From baking ingredients to alcoholic beverages and even herbs, there are tons of everyday household items that can repel the worst insects that plague our outdoor experiences. Due to the fact that insects are attracted to the smell and carbon dioxide that humans and other animals give off, scented products are usually recommended to keep insects away. However, if you've tried citronella candles before and found they didn't work all that well for you, we recommend trying a fan. This will literally blow away insects like mosquitos since they aren't very strong fliers and also dissipate the odors they love so much.

If you still want to try scented products, natural odors that are said to work are citronella, lavender, thyme, rosemary, sage, or lemongrass. These can be used in either their herb form — fresh or dried — or as candles. If using herbs, place them in your campfire near the edge of the flames to slowly burn them and send the pests packing.

Fans and odor-producing candles and herbs are also more eco-friendly as they don't attract bugs to kill them like bug zapping lamps — which could also attract and kill beneficial bugs — or emit noises like ultrasonic pest repellers. These sound emitters may distress other animals nearby, including your own pets.

Preventing midnight snackers

Repelling insects is one thing, but rodents are — quite literally — a whole different animal. Though they won't come after you, they will come after your food. Worse yet, if you're in an RV, you might inadvertently bring a few of them home with you. This might be a mouse's dream come true, but it will be your worst nightmare.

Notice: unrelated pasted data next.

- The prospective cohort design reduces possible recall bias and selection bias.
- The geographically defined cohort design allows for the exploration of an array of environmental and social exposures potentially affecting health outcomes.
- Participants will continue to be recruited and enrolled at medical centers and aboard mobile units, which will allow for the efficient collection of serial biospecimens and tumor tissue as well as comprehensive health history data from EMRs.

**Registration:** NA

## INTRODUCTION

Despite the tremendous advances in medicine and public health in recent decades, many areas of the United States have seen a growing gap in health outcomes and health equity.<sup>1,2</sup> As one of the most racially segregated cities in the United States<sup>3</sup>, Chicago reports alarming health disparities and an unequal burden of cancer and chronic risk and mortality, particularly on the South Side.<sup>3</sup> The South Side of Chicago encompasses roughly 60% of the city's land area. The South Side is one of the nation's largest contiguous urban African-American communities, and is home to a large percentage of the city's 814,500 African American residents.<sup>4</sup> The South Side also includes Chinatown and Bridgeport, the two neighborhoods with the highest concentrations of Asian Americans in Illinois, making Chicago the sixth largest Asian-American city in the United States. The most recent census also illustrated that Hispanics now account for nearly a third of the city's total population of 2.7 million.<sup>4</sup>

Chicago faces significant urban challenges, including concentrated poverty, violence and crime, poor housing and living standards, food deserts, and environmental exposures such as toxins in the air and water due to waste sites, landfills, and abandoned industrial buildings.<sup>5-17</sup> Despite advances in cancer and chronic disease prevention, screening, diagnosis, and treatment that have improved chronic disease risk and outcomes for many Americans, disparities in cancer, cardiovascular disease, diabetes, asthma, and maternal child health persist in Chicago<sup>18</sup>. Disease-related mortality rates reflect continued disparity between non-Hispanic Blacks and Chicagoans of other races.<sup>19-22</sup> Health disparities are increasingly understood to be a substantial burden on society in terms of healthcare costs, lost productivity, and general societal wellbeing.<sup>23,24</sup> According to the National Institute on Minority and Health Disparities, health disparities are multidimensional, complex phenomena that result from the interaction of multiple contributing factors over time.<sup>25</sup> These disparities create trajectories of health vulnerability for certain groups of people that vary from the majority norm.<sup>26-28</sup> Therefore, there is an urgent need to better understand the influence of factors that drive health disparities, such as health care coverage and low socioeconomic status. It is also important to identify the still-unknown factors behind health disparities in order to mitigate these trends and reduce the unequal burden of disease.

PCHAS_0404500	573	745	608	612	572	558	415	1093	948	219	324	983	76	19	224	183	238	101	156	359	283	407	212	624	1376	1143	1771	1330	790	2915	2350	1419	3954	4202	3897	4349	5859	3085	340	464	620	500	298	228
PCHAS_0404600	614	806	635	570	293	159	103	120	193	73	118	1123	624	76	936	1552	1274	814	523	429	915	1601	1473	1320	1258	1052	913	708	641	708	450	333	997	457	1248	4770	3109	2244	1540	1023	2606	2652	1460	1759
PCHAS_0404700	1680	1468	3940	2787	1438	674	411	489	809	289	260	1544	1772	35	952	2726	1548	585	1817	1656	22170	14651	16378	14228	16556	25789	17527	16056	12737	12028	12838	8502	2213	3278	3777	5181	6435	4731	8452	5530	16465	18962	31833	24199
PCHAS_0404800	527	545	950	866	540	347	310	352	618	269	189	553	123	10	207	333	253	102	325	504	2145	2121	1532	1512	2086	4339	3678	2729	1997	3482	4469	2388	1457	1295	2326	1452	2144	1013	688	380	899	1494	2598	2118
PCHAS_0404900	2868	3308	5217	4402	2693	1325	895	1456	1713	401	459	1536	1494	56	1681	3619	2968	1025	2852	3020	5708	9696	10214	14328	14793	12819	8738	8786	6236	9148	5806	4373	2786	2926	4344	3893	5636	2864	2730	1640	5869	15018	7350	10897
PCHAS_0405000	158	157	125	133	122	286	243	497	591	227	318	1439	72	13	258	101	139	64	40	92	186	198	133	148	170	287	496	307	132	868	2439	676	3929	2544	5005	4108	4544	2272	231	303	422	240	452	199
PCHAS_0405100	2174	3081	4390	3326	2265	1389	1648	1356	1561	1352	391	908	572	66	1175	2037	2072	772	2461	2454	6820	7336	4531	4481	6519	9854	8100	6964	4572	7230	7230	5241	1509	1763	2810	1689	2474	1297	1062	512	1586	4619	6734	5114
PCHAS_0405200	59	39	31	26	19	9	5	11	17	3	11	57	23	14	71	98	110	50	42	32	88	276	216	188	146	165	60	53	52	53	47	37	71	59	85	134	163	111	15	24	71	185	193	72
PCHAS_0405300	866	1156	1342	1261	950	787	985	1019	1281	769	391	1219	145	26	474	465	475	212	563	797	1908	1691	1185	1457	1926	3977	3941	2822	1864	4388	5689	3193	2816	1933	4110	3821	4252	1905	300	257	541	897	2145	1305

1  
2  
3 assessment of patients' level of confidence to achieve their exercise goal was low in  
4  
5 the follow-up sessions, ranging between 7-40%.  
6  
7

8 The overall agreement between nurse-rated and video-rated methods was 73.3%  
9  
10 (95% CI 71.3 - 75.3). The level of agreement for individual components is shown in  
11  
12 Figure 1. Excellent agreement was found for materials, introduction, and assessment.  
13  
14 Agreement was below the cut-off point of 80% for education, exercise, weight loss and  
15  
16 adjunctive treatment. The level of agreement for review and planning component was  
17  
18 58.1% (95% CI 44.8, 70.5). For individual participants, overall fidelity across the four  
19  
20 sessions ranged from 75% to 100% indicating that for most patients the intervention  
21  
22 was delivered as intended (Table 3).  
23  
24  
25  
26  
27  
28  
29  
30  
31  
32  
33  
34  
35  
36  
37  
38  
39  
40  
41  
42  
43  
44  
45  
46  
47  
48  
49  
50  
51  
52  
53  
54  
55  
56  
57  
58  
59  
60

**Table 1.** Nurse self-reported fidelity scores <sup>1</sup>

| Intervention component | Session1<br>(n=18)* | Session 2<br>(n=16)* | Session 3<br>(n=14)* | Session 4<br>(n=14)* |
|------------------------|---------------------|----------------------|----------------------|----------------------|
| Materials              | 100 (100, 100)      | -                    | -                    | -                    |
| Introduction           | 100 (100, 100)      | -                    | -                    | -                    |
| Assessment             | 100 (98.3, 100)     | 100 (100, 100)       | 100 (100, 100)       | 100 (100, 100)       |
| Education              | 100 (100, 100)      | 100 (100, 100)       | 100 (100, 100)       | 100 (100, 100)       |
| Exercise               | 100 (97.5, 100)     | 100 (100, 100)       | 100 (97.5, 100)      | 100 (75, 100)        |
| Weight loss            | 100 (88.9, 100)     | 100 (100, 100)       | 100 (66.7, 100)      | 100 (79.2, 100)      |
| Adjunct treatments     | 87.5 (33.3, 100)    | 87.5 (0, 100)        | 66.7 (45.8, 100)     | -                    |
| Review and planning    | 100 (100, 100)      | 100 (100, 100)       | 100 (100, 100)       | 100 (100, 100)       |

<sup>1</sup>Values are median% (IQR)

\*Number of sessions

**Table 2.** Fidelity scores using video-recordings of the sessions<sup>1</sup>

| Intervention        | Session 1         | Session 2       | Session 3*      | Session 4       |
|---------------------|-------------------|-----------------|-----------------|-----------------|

To keep them out of your food when car camping, you'll follow the basic food storage rules. During the day, you'll still want to keep your food secure in a cooler in your car when you're not eating. Also, do not leave open food unattended, even for a moment. At night, follow the same rules and do not store food (or any scented products) inside your tent — again, place them inside a cooler in your car or in a bear box if one is available.

If you're camping in an RV, stuff a tube sock filled with steel wool in any opening that could potentially let in a mouse. Remember, if they can get their head through, they can get their body through, too. If you can't fill every possible entry point, also consider sprinkling peppermint oil on some cotton balls and placing them in drawers and cabinets around your camper. This will keep mice away and make it smell minty and fresh in there.